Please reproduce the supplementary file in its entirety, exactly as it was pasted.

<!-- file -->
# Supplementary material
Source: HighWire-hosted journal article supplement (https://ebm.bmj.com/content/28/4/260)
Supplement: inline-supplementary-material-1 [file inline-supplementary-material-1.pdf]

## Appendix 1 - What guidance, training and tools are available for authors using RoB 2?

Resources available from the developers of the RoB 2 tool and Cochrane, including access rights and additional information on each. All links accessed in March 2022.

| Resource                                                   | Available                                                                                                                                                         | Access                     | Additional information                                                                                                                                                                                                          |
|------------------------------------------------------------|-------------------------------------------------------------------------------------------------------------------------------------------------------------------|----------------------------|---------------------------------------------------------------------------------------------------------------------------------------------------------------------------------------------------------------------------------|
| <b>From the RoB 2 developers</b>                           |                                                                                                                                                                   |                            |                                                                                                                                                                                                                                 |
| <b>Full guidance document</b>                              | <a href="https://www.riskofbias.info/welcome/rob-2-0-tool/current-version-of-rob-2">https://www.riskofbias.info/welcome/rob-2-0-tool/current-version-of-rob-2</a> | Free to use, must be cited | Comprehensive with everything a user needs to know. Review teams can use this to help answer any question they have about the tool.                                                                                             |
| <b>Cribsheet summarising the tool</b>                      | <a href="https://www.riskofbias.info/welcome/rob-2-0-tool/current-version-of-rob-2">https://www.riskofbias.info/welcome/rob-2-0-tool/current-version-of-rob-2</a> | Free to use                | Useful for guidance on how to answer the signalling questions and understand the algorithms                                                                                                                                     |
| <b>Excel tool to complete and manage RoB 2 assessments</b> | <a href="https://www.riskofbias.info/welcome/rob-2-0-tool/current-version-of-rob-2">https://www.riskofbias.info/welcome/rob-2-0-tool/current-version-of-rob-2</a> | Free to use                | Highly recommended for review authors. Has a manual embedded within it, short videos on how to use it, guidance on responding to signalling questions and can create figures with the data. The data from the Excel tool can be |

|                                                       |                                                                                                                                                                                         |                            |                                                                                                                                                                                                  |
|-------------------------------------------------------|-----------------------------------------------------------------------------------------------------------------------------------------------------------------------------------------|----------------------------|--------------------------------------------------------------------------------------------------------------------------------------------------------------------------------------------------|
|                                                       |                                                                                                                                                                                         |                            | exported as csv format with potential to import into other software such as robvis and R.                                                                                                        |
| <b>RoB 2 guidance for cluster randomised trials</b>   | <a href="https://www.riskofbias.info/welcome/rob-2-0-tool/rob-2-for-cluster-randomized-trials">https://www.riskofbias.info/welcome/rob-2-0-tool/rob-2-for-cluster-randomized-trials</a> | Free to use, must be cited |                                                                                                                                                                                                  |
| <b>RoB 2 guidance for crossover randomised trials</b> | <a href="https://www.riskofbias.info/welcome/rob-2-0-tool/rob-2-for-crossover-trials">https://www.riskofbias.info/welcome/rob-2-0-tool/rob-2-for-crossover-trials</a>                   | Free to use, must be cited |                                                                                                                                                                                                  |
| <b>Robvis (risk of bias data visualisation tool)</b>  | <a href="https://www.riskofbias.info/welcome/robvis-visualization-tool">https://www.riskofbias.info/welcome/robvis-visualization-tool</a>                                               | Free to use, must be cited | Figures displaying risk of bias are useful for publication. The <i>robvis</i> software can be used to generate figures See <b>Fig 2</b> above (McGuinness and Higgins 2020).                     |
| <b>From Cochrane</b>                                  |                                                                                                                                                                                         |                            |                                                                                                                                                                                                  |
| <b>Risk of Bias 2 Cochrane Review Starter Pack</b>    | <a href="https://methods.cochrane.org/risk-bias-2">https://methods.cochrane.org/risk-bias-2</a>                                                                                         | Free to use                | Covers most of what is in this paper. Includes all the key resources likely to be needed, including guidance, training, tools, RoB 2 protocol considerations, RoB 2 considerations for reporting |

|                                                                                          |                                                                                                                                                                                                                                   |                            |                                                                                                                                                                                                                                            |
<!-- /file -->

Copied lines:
# Supplementary material
Source: HighWire-hosted journal article supplement (https://ebm.bmj.com/content/28/4/260)
Supplement: inline-supplementary-material-1 [file inline-supplementary-material-1.pdf]

## Appendix 1 - What guidance, training and tools are available for authors using RoB 2?

Resources available from the developers of the RoB 2 tool and Cochrane, including access rights and additional information on each. All links accessed in March 2022.

| Resource                                                   | Available                                                                                                                                                         | Access                     | Additional information                                                                                                                                                                                                          |
|------------------------------------------------------------|-------------------------------------------------------------------------------------------------------------------------------------------------------------------|----------------------------|---------------------------------------------------------------------------------------------------------------------------------------------------------------------------------------------------------------------------------|
| <b>From the RoB 2 developers</b>                           |                                                                                                                                                                   |                            |                                                                                                                                                                                                                                 |
| <b>Full guidance document</b>                              | <a href="https://www.riskofbias.info/welcome/rob-2-0-tool/current-version-of-rob-2">https://www.riskofbias.info/welcome/rob-2-0-tool/current-version-of-rob-2</a> | Free to use, must be cited | Comprehensive with everything a user needs to know. Review teams can use this to help answer any question they have about the tool.                                                                                             |
| <b>Cribsheet summarising the tool</b>                      | <a href="https://www.riskofbias.info/welcome/rob-2-0-tool/current-version-of-rob-2">https://www.riskofbias.info/welcome/rob-2-0-tool/current-version-of-rob-2</a> | Free to use                | Useful for guidance on how to answer the signalling questions and understand the algorithms                                                                                                                                     |
| <b>Excel tool to complete and manage RoB 2 assessments</b> | <a href="https://www.riskofbias.info/welcome/rob-2-0-tool/current-version-of-rob-2">https://www.riskofbias.info/welcome/rob-2-0-tool/current-version-of-rob-2</a> | Free to use                | Highly recommended for review authors. Has a manual embedded within it, short videos on how to use it, guidance on responding to signalling questions and can create figures with the data. The data from the Excel tool can be |

|                                                       |                                                                                                                                                                                         |                            |                                                                                                                                                                                                  |
|-------------------------------------------------------|-----------------------------------------------------------------------------------------------------------------------------------------------------------------------------------------|----------------------------|--------------------------------------------------------------------------------------------------------------------------------------------------------------------------------------------------|
|                                                       |                                                                                                                                                                                         |                            | exported as csv format with potential to import into other software such as robvis and R.                                                                                                        |
| <b>RoB 2 guidance for cluster randomised trials</b>   | <a href="https://www.riskofbias.info/welcome/rob-2-0-tool/rob-2-for-cluster-randomized-trials">https://www.riskofbias.info/welcome/rob-2-0-tool/rob-2-for-cluster-randomized-trials</a> | Free to use, must be cited |                                                                                                                                                                                                  |
| <b>RoB 2 guidance for crossover randomised trials</b> | <a href="https://www.riskofbias.info/welcome/rob-2-0-tool/rob-2-for-crossover-trials">https://www.riskofbias.info/welcome/rob-2-0-tool/rob-2-for-crossover-trials</a>                   | Free to use, must be cited |                                                                                                                                                                                                  |
| <b>Robvis (risk of bias data visualisation tool)</b>  | <a href="https://www.riskofbias.info/welcome/robvis-visualization-tool">https://www.riskofbias.info/welcome/robvis-visualization-tool</a>                                               | Free to use, must be cited | Figures displaying risk of bias are useful for publication. The <i>robvis</i> software can be used to generate figures See <b>Fig 2</b> above (McGuinness and Higgins 2020).                     |
| <b>From Cochrane</b>                                  |                                                                                                                                                                                         |                            |                                                                                                                                                                                                  |
| <b>Risk of Bias 2 Cochrane Review Starter Pack</b>    | <a href="https://methods.cochrane.org/risk-bias-2">https://methods.cochrane.org/risk-bias-2</a>                                                                                         | Free to use                | Covers most of what is in this paper. Includes all the key resources likely to be needed, including guidance, training, tools, RoB 2 protocol considerations, RoB 2 considerations for reporting |

|                                                                                          |                                                                                                                                                                                                                                   |                            |                                                                                                                                                                                                                                            |